Hello again, Jane here. In last week’s post I wrote about getting started with knitting; casting on for the first time since I was a child, my first few rows of knit and purl, and creating my first piece of fabric.

I must thank everyone for the warm, woolly welcome to the knitting community. I really appreciate all the words of encouragement you left in the comments, I do read them all, and certainly shall be dipping in and out of all the advice and tips you are kind enough to share. I’m looking forward to learning from and alongside you in this journey.

The next step in PomPom’s KNITHOW book is Project One – fingerless mitts. Despite having bought two sets of straight bamboo needles last week in sizes 5mm and 6mm (US 8 & 10), the suggested needles size for this first project is 4mm (US 6). I’m itching to get started, so I pop along to my local yarn shop (LYS). It’s quite a sad wee place, annexed to the picture framers, which although being called ‘The Wool Shop’ doesn’t actually sell any wool. Well, no yarn in 100% wool. Everything is acrylic or a blend of no more than 20% wool. Luckily, working for a yarn manufacturer means I have access to beautiful wooly yarns like the 100% Scottish wool yarn named after those epic mountains which shepherd the valley of Glen Etive in the west highlands – Buachaille. I do, however, find the needles I’m after. I head home with a set of straight metal needles and cast on to swatch and test my gauge. I had a couple of issues. Firstly, I found the metal needles pretty slippy to begin with. Secondly, I think I pulled my cast-off too tight which made the fabric a bit wonky.

Nonetheless, my gauge notes:

4mm metal needles x Buachaille (colour: Haar) 2 ply worsted wool yarn = 20 stitches over 4 inches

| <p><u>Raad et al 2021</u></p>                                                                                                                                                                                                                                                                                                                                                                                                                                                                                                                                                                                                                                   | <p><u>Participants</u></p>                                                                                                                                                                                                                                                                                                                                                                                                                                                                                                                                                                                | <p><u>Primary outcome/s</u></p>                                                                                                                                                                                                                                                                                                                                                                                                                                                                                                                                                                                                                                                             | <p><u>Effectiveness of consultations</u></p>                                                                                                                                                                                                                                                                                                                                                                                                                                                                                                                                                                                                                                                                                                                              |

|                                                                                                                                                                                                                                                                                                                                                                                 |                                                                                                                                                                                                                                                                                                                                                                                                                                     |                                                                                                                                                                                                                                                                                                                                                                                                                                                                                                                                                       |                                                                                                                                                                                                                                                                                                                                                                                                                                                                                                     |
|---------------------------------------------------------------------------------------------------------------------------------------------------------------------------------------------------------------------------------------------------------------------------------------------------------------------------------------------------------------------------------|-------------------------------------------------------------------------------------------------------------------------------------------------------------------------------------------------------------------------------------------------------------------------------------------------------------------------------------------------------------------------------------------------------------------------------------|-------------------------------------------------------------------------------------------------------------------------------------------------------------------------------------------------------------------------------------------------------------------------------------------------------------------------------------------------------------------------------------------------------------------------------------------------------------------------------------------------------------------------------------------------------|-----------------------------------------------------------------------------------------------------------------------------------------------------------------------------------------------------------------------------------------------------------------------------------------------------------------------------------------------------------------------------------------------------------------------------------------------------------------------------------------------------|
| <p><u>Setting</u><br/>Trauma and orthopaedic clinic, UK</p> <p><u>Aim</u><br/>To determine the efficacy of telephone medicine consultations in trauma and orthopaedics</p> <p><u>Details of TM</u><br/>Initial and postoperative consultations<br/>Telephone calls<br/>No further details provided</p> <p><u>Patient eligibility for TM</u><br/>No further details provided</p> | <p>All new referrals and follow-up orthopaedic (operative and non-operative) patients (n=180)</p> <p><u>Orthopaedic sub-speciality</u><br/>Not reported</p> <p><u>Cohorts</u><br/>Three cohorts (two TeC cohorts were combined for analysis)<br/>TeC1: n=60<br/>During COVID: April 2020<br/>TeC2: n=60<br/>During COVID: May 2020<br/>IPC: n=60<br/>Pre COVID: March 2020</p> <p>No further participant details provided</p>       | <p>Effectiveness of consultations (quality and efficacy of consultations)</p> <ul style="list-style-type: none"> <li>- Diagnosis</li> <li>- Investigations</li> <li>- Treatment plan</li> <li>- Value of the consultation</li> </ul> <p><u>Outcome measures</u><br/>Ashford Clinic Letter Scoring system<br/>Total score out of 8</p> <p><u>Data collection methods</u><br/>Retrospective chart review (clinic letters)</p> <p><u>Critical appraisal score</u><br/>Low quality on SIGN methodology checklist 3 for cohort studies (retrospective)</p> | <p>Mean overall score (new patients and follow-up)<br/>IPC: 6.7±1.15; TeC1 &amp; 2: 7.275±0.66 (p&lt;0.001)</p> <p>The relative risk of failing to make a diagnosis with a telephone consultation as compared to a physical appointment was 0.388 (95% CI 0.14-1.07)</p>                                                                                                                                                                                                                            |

Here we go. My first ever knit project and first time reading a pattern. 

The “Ce” fingerless mitts.

I chose size 2 and cast on the number of stitches indicated in the pattern for this size. 

First up – ribbing.

Row one: k,p,k

Row two: p,k,p

This is soooo hard! I’m struggling to keep track of where I am. Should I be knitting? Should I be purling? I’ve had to do a hard reset a few times, ripping it all out and starting again. I would get distracted part way through a row, or forget whether I finished a row on a knit or purl. Do I need to pay more attention? I’ve seen people knitting at meetings. They seem to be able to concentrate on two things at the same time – why can’t I? So many questions.

At the moment, I’m just going to concentrate, ignore the distractions around me, hope that Sam makes dinner and the kids don’t need help with their homework! I’ve decided to always end a period of work on Row 2 – which is p,k,p. That way I know when I pick up the needles I start on Row 1 with a knit stitch. It doesn’t take too long until I have the required length of ribbing. Now on to stockinette. This is easier. I’m picking up pace, it’s fast and enjoyable…until… I made a wee mistake at the end of a row. 

Like a child having just had the training wheels taken off her bike and five minutes later yelling “hey Mum – look at me – no hands”, before face planting on the road! 

I noticed a sort of ladder in the work, and realised I must have dropped a stitch. Not only had I dropped one stitch, but I had an extra two on the needle. WHAT!? There’s a vast amount of information and advice online and I’ve found some YouTube videos particularly helpful. So, I managed to troubleshoot the problem and found the stitch which had wormed it’s way down a few rows. I dropped the extra stitches, which I figure are not real stitches, grab my crochet hook and pick up the dropped stitch, loop it up the rows and slide it back on the needle. I fixed it! I can’t believe it worked. There’s now a small flaw at the edge of the fabric, but it’s going to be largely hidden and is much better than having a hole in the work. I should point out, that although I went online looking for help with this, there is actually a guide at the back of this book which illustrates how to solve problems including this specific mistake. I’m not sure why I didn’t think to check the contents page. My advice to any new knitters using PomPom’s Knithow is to read through the book first! 

Ribbed cuff done and the hand section of stockinette complete means I’m at the required length from cast on. It’s back to rib stitch for 1 inch and I’m ready to cast-off. The pattern tells me to cast off “quite loosely in 1×1 rib”, but it doesn’t tell me how to do this. So, after a quick look online, I learn it’s just k1, p1 on the cast off. It makes sense. I might have made a tiny mistake but on the whole it looks neat and is not too tight.